The Financial Accounting Standards Board took up the controversial question of disclosure requirements for loss contingencies at its latest meeting and decided that companies need to make more disclosures.

FASB decided on the following disclosure objective: “An entity shall disclose qualitative and quantitative information about the loss contingency to enable a financial statement user to understand the nature of the contingency and its potential timing and magnitude.”

The board also decided that disclosures about litigation contingencies should focus on the contentions of the parties, rather than predictions about the future outcome. Disclosures about a contingency should be more robust as the likelihood and magnitude of loss increase and as the contingency progresses toward resolution, said FASB. In addition, disclosures should provide a summary of information that is publicly available about a case and indicate where users can obtain more information.

FASB decided to maintain the existing requirement to disclose asserted claims and assessments whose likelihood of loss is at least reasonably possible and to clarify that “at least reasonably possible” and “more than remote” have the same meaning.

In addition, the board decided that certain remote loss contingencies should be disclosed, and it directed staff members to develop possible approaches for discussion at a future meeting. FASB also decided to maintain the existing threshold requirements for unasserted claims and assessments, and it agreed to enhance the existing interpretive guidance about the threshold.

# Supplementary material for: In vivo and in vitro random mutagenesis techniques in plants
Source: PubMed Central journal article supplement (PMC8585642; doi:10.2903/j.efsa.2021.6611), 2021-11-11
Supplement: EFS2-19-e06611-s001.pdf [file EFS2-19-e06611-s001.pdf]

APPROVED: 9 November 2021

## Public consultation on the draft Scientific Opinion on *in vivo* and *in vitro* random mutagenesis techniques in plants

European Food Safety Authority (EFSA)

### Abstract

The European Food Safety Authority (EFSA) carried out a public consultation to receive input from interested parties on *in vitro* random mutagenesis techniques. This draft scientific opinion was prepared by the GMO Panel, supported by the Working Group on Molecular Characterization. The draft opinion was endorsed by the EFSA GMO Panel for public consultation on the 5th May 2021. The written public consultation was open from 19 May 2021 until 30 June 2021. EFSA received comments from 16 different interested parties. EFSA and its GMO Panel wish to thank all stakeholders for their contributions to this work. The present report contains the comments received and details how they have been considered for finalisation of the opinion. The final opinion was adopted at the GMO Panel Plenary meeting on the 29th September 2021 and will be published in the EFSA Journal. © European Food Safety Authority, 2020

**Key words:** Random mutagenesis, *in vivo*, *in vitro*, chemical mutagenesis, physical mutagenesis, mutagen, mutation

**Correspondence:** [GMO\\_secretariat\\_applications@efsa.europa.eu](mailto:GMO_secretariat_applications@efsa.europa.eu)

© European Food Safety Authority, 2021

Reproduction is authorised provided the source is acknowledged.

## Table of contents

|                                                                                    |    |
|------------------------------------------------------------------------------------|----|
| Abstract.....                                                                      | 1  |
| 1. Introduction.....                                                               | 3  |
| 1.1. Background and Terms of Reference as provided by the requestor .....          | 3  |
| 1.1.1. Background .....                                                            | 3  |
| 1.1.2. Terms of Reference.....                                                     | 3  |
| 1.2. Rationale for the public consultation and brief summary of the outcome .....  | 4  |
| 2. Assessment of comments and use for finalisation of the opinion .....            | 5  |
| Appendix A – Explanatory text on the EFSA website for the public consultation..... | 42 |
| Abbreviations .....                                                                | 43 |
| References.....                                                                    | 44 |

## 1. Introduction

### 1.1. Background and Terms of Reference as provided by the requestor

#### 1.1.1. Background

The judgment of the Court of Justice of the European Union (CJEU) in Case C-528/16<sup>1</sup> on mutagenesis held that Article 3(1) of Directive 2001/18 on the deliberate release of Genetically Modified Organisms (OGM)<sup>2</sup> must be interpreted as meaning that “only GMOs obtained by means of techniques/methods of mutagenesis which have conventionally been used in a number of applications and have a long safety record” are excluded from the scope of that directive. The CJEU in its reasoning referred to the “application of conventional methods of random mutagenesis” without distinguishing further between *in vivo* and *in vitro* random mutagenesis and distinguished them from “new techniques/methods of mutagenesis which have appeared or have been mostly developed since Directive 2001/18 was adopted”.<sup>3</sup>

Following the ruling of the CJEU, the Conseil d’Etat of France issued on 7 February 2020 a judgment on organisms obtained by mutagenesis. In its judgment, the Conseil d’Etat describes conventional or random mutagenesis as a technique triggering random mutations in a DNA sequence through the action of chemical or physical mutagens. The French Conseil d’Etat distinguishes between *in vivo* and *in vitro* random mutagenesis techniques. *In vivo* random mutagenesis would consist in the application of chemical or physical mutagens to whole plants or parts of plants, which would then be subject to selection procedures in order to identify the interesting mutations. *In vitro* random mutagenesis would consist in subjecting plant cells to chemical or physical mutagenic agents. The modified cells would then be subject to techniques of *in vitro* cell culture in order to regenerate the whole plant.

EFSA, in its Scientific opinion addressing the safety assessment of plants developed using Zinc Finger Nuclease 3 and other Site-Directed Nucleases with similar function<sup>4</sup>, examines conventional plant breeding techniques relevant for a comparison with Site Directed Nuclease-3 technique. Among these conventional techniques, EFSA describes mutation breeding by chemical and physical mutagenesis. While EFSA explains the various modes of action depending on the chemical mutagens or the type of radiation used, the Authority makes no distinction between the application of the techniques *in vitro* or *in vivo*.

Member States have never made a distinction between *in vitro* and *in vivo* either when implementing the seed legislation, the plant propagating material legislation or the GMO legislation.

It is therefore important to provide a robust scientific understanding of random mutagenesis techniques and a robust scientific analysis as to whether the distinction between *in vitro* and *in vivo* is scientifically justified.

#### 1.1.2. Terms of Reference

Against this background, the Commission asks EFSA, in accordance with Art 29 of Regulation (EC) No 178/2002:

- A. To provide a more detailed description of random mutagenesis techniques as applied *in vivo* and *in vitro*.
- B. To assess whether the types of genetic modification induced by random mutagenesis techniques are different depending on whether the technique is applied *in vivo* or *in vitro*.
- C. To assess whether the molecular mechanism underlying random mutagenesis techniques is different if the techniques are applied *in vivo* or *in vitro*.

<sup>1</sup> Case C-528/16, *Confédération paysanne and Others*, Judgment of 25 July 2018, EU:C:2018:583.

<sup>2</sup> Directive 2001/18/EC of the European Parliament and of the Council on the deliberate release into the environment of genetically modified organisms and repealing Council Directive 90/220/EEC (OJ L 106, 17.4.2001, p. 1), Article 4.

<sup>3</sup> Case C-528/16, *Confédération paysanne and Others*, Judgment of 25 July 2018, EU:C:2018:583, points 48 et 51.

In addition, FASB decided that entities should not consider the possibility of recoveries from insurance or indemnification arrangements when assessing whether a contingency should be disclosed.

Regarding quantitative disclosure requirements, the board directed the staff to develop an approach that would focus on disclosure of non-privileged quantitative information that would be relevant to making an estimate of the potential loss, for consideration by the board at a future meeting. The board decided not to require entities to disclose information about settlement negotiations. The board, however, did decide to require disclosure about possible recoveries from insurance and other sources if and to the extent that the information has been provided to the plaintiff in discovery.

In addition, FASB discussed the effective date of any final guidance on this project and decided not to rule out the possibility that it could be effective for fiscal years ending after Dec. 15, 2009.

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